Japanese climber Yuichiro Miura, despite enduring his fourth heart surgery in January, recaptured the title of oldest person to climb Mount Everest on Thursday, though he might not hold the record for long.
Miura, at age 80, summited the tallest mountain on Earth, successfully climbing the 29,035-foot peak for the third time. He previously conquered Mount Everest at ages 70 and 75.
"I made it!" Miura told Associated Press by phone. "I never imagined I could make it to the top of Mount Everest at age 80. This is the world's best feeling, although I'm totally exhausted. Even at 80, I can still do quite well."
At age 70, Miura became the oldest person to climb Everest, but that title was taken from him four years later by fellow Japanese climber Katsusuke Yanagisawa, who was 71.
When Miura climbed Everest at age 75, it came a day after Min Bahadur Sherchan of Nepal completed the feat at age 76.
It was Sherchan's age record, recognized by Guinness World Records, that Miura broke Thursday. But Sherchan is preparing to make another summit bid next week at age 81.
It's no cinch, however. The Associated Press reported that Sherchan was planning to try to scale the mountain despite digestive problems he suffered several days ago. He told AP on Wednesday from base camp that he was in good health and "ready to take up the challenge."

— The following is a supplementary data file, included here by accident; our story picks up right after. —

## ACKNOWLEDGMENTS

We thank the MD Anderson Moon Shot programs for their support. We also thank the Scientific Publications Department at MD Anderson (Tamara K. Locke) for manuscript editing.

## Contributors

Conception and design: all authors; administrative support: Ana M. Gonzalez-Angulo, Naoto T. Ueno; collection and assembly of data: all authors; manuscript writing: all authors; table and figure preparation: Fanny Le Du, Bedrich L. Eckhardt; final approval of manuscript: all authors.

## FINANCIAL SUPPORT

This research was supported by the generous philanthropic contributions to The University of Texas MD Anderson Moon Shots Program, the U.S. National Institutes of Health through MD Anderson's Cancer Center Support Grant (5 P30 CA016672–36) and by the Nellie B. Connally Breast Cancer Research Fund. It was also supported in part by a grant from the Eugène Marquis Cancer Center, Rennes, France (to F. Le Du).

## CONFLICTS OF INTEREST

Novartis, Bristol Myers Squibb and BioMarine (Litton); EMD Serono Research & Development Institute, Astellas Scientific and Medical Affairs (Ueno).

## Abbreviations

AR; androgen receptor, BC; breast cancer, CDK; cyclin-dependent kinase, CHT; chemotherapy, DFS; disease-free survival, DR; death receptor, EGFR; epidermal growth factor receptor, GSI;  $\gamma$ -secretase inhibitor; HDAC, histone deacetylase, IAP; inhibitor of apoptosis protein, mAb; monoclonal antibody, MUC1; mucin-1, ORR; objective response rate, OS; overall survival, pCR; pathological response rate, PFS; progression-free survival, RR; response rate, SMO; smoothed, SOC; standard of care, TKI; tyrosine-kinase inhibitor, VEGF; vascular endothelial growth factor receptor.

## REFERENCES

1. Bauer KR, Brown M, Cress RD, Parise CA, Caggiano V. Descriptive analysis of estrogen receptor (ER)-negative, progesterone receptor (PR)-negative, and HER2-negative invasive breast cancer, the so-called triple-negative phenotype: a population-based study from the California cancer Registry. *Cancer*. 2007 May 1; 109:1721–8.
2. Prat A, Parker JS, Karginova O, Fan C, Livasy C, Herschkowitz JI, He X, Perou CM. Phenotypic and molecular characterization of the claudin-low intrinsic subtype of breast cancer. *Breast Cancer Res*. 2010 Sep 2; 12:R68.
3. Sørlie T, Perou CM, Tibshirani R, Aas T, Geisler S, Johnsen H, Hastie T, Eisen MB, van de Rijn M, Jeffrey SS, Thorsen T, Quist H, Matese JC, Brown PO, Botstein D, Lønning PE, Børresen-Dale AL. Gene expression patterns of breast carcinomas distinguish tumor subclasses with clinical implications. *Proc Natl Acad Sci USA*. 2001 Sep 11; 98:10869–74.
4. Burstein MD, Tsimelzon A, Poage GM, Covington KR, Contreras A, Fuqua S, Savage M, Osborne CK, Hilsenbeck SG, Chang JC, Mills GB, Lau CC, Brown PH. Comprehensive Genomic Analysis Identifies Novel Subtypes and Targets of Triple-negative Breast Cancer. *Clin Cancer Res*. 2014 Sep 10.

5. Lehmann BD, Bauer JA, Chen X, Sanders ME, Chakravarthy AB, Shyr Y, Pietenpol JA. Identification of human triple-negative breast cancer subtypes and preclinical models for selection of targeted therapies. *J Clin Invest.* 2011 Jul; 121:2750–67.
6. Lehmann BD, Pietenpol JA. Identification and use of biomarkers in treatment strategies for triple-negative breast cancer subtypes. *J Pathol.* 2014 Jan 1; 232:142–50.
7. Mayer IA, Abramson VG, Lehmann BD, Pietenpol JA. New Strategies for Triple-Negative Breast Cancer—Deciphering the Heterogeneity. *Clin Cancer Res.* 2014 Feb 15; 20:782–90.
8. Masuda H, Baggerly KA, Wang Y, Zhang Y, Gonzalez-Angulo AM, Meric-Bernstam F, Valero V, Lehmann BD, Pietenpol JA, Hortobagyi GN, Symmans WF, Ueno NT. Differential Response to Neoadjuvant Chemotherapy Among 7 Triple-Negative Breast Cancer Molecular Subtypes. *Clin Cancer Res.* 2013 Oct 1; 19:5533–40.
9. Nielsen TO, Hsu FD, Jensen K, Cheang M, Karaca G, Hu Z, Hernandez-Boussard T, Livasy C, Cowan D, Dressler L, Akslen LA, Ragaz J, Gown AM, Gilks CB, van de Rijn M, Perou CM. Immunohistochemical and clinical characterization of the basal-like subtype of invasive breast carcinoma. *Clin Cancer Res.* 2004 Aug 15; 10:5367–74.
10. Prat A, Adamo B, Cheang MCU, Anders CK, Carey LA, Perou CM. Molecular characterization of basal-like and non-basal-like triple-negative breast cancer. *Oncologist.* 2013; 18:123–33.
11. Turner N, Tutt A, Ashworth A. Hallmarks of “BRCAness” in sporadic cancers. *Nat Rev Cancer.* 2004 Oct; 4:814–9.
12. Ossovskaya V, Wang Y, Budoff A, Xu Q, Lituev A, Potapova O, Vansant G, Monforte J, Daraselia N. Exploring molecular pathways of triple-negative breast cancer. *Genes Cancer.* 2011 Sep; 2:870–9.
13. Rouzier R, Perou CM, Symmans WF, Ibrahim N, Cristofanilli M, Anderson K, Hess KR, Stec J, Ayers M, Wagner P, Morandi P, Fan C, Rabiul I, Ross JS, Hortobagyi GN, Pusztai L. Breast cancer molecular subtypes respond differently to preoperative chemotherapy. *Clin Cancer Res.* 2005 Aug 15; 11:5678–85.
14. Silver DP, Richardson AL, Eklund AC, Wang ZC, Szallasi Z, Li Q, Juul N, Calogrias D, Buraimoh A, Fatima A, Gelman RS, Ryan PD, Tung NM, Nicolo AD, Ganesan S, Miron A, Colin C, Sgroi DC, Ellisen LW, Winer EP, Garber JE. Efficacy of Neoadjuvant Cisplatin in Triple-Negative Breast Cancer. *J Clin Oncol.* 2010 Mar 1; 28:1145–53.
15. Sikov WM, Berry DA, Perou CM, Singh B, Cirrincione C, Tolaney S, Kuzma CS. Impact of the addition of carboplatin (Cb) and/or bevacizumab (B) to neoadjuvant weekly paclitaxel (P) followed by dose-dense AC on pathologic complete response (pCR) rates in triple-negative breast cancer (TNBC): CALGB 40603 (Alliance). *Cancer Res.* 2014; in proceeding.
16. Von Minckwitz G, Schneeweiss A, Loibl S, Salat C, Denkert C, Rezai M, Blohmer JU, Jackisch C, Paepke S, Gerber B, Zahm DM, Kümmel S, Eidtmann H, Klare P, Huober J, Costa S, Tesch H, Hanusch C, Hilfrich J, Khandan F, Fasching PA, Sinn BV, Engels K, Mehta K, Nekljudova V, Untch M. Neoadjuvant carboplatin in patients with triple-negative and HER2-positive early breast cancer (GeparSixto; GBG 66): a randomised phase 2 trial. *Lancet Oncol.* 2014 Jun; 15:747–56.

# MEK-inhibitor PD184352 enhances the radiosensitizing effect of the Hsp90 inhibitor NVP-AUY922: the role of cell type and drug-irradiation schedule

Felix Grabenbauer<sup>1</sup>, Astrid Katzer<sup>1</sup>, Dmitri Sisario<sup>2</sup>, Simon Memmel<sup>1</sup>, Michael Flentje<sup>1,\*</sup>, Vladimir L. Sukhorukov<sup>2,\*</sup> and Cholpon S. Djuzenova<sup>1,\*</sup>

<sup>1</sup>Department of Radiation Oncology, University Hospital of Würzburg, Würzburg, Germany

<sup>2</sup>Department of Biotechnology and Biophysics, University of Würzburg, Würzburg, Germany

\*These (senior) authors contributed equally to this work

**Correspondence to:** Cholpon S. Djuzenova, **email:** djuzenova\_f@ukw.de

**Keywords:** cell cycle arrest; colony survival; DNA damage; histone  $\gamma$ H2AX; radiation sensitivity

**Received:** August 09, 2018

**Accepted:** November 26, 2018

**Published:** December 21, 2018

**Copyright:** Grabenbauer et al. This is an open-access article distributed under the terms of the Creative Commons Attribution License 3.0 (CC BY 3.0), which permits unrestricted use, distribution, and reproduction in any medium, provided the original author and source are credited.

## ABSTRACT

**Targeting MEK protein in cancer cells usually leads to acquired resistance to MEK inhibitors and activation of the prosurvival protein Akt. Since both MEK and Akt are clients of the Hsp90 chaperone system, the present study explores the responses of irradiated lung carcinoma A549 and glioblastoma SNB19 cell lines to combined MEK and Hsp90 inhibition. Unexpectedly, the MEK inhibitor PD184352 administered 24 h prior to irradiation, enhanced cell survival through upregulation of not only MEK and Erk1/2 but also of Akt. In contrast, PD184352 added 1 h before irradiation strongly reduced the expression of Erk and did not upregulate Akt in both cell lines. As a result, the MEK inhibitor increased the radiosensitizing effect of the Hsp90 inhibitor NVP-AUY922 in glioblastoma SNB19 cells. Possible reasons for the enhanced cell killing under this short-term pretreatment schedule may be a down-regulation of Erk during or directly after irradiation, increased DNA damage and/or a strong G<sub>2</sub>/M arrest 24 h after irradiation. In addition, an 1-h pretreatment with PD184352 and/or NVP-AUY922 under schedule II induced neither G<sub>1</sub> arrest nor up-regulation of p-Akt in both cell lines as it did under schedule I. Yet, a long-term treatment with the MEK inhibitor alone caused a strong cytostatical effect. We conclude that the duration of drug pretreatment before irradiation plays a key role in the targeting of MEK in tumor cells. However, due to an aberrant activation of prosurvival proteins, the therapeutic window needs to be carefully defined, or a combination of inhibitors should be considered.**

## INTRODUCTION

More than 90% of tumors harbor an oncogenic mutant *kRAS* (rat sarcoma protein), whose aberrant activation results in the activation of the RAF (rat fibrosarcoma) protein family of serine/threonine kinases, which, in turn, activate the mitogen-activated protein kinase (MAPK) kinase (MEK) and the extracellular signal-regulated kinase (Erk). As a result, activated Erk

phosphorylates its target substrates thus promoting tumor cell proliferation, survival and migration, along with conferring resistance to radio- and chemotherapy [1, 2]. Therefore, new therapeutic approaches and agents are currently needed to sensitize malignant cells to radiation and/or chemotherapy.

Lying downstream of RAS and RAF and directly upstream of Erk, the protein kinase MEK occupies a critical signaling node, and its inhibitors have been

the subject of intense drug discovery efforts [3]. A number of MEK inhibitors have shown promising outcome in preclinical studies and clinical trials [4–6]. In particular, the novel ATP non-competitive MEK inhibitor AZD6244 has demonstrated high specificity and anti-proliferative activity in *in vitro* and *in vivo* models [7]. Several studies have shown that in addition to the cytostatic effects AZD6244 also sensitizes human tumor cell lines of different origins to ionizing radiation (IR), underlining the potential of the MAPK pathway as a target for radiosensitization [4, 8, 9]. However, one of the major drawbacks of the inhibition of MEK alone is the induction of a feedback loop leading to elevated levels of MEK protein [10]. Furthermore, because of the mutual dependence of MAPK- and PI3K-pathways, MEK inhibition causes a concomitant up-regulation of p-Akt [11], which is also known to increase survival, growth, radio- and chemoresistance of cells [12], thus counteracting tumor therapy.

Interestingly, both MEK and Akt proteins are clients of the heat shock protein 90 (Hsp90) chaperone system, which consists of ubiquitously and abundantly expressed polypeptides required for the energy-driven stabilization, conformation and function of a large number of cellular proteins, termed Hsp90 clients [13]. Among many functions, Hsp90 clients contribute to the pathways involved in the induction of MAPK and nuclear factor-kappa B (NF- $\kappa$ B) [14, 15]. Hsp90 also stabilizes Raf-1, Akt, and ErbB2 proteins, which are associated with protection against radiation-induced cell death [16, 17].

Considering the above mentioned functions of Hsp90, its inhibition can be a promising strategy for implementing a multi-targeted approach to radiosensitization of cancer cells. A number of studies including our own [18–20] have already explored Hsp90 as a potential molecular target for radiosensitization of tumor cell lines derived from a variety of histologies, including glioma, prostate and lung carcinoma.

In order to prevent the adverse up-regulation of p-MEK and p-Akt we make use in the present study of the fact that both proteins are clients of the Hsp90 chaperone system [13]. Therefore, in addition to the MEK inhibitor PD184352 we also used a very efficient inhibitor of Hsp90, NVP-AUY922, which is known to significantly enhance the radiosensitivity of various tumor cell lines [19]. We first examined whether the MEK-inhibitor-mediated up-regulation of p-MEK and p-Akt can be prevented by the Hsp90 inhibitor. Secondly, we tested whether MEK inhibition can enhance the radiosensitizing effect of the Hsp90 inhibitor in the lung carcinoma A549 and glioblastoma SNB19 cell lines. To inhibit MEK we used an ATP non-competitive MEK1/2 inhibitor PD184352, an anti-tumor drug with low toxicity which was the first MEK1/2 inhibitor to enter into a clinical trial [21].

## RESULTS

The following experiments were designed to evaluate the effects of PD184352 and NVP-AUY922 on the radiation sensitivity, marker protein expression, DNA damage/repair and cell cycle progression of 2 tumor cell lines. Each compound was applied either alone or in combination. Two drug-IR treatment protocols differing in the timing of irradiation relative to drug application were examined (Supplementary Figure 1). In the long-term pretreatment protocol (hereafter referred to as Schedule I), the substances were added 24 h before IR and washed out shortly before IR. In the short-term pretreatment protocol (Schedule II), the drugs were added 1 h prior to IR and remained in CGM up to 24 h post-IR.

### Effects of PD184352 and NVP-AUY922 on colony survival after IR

It was also reported that Sherchan's team faced financial difficulties and that it hadn't yet received the financial help that the Nepal government said it would provide. So maybe Miura's record will stand for a while.
Miura first made worldwide headlines in 1970 when he became the first to ski down Everest from a point at 26,246 feet in the South Col with the aid of a parachute. His father, Keizo, who lived to age 101, skied down 15,781-foot Mont Blanc in Western Europe--at age 99.
To produce the latest headline, Miura, who summited Thursday with his son Gota, has had to conquer adversity. Not only has Miura overcome four heart surgeries--the most recent one for an irregular heartbeat earlier this year--he has also recovered from a fractured pelvis and left thigh bone suffered in a 2009 skiing accident.
Miura's next headline remains to be seen, but we certainly wouldn't put anything past him.